WASHINGTON — Ahmad Chalabi, the onetime White House favorite who has been implicated in an alleged Iranian spy operation, sent Iraqi defectors to at least eight Western spy services before the war in an apparent effort to dupe them about Iraqi President Saddam Hussein's illicit weapons programs, current and former U.S. intelligence officials said.
U.S. investigators are seeking to determine whether the effort -- which one U.S. official likened to an attempt to "game the system" -- was secretly supported by Iran's intelligence service to help persuade the Bush administration to oust the regime in Baghdad, Tehran's longtime enemy.
Officials said other evidence indicated that Chalabi's intelligence chief had furnished Iran's Ministry of Intelligence and Security with highly classified information on U.S. troop movements, top-secret communications, plans of the U.S.-led Coalition Provisional Authority and other closely guarded material on U.S. operations in Iraq.
The U.S. investigation into the suspected spy operation was a key reason behind Thursday's raids on Chalabi's Baghdad house and the offices of his Iraqi National Congress. Several INC members were accused of kidnapping, robbery and corruption.
Until recently, civilian leaders in the Pentagon touted Chalabi as a potential postwar leader of Iraq. The former exile leader denounced the raids as retaliation for his increasingly sharp criticism of U.S. occupation policies and operations in Iraq. He has not been accused of any crime.
It is not clear whether Iran had any role in the alleged use of the INC to provide disinformation to the West. U.S. officials say the INC may have been acting on its own when it sent out a steady stream of defectors from 1998 to 2003 with apparently coordinated claims about Baghdad's purported weapons of mass destruction.
Because even friendly spy services rarely share the identities of their informants or let outsiders meet or debrief their sources, it has only in recent months become clear that Chalabi's group sent defectors with inaccurate or misleading information to Denmark, England, Italy, France, Germany, Spain and Sweden, as well as to the United States, the officials said.
As a result, the officials said, U.S. intelligence analysts in some cases used information from now-discredited "foreign intelligence sources" to corroborate their own assessments of Hussein's suspected chemical, biological and nuclear weapons programs. Few of the CIA's prewar judgments have been proved accurate so far.
"We had a lot of sources, but it was all coming from the same pot," said a former senior U.S. intelligence official, who spoke on condition of anonymity. "They were all INC guys. And none of them panned out."
A U.S. official confirmed that defectors from Chalabi's organization had provided suspect information to numerous Western intelligence agencies. "It's safe to say he tried to game the system," the official said.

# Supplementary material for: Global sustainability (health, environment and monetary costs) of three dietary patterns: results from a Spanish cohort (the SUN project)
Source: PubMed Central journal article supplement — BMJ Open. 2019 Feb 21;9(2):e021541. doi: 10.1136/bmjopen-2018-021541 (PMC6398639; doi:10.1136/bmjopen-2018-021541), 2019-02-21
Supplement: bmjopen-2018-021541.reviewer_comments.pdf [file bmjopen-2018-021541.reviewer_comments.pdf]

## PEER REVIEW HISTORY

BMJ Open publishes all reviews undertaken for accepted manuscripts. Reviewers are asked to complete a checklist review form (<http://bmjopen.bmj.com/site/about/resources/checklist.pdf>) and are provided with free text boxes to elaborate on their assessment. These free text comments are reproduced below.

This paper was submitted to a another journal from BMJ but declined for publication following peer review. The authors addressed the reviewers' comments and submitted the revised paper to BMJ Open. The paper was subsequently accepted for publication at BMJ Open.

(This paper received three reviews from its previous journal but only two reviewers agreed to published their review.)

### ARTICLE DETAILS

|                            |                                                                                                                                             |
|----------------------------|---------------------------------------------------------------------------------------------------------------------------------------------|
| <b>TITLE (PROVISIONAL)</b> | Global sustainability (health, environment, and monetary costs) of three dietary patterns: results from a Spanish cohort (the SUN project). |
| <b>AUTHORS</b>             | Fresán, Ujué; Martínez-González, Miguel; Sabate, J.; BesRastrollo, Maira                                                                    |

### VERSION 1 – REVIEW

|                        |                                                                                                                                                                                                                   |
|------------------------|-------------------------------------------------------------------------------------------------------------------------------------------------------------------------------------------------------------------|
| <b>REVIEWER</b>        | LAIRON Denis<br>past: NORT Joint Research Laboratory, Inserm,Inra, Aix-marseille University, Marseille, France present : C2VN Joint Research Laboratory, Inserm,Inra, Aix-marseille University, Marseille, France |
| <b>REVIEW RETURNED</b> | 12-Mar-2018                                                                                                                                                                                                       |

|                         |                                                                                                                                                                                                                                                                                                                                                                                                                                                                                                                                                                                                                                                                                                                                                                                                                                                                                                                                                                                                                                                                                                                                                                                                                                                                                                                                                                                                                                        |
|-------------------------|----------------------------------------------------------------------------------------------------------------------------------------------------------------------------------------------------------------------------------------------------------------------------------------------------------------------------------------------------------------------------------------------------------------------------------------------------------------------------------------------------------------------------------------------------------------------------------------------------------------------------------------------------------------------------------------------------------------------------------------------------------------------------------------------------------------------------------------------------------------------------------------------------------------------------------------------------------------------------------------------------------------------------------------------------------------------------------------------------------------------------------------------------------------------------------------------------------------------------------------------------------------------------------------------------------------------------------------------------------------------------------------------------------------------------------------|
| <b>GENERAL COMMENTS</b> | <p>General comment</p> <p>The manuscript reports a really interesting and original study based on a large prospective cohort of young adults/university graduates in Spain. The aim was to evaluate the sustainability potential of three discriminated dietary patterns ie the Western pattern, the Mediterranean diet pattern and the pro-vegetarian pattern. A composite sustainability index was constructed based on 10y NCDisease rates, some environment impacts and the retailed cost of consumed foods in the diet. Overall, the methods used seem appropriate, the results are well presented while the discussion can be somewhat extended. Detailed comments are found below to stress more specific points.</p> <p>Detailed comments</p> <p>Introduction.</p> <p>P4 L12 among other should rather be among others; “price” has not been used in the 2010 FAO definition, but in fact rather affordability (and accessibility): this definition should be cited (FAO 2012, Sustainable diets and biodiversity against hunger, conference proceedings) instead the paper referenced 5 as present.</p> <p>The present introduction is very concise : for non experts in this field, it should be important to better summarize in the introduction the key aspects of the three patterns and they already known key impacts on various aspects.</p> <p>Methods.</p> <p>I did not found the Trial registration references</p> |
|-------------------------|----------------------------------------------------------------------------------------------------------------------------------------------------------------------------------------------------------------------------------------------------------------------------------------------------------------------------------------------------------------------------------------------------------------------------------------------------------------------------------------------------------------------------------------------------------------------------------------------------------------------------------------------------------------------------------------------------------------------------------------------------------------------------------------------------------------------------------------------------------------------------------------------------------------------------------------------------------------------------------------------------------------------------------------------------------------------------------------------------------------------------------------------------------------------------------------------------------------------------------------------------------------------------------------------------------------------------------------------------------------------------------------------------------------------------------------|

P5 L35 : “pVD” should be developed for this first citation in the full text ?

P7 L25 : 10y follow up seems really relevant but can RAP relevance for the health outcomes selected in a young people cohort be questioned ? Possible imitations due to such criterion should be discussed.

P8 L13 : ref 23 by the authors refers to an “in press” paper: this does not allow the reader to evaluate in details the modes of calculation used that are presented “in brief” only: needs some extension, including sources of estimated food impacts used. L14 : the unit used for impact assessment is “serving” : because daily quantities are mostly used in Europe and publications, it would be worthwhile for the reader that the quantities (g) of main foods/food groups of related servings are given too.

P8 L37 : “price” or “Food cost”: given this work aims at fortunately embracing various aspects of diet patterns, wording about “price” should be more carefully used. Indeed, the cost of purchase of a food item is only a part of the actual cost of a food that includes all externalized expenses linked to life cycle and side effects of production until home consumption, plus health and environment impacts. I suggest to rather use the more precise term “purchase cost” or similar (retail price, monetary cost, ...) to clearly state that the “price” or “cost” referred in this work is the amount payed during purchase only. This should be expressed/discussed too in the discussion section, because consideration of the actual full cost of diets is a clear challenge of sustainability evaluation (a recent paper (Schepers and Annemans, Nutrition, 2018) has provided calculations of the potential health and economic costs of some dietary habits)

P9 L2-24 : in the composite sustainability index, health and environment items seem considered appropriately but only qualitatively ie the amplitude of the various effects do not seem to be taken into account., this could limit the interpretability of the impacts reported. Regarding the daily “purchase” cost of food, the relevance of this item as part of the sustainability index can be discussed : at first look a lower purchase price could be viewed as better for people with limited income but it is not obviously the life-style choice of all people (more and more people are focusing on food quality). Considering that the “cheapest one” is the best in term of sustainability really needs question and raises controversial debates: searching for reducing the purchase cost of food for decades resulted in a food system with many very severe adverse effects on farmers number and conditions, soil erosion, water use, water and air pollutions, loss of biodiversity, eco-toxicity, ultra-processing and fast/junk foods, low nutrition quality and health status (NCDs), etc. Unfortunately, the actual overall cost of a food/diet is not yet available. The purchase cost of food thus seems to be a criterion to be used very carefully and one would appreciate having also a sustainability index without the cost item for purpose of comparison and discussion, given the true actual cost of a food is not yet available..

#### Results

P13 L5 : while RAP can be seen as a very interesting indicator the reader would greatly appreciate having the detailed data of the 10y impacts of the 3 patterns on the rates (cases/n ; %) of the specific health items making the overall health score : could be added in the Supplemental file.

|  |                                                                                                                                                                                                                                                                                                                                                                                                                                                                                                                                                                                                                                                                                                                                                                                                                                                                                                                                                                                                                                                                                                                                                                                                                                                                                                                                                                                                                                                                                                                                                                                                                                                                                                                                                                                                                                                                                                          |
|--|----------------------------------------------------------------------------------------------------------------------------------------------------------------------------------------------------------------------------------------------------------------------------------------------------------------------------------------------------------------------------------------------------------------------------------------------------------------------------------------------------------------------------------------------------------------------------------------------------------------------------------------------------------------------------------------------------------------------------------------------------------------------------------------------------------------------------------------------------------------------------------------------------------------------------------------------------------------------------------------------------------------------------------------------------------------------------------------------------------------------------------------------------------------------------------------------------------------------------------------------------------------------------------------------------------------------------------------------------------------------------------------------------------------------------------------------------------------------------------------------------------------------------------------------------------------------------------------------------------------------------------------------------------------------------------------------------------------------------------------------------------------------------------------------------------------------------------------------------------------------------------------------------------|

A discredited INC defector to Germany who was code-named "Curveball" was the chief source of information on Iraq's supposed fleet of mobile germ weapons factories. Another INC defector who provided similar information was deemed a liar. So was an INC defector who said he had helped build 20 underground germ weapons laboratories, a now-discredited claim that made headlines when the INC made him available to some reporters in December 2001.
The CIA was unable to interview two other supposedly senior Iraqis who spied for British intelligence in Baghdad before the war and claimed to provide detailed information from within Hussein's inner circle.
Information from both informants has now "fallen apart," one U.S. official said. "Neither had direct knowledge of what they claimed. They were describing what they had heard."
The details further tarnish Chalabi's battered image amid allegations that he shared highly classified information on U.S. operations in Iraq with his intelligence chief, identified as Aras Karim Habib.
The INC, which began as an umbrella group for Iraqi exiles, has long had an office in Tehran. Chalabi has repeatedly visited the Iranian capital, and some critics in Congress have questioned his growing ties to the ruling Shiite Muslim regime there.
A U.S. official said Chalabi "shared [information] with people who provided it" to Tehran. "There's real concern he was passing very sensitive, highly classified information to the Iranians," the official said.
Habib, who was named in an arrest warrant issued during the raid Thursday, is a fugitive. Chalabi was scheduled to appear today on several American TV talk shows.
The INC received covert funding from the CIA and about $33 million from the State Department during the 1990s. The Pentagon's Defense Intelligence Agency took over the account in 2002, paying the group $335,000 a month over the last year to gather intelligence. Pentagon officials canceled the contract this month. A DIA spokesman declined to comment Saturday afternoon.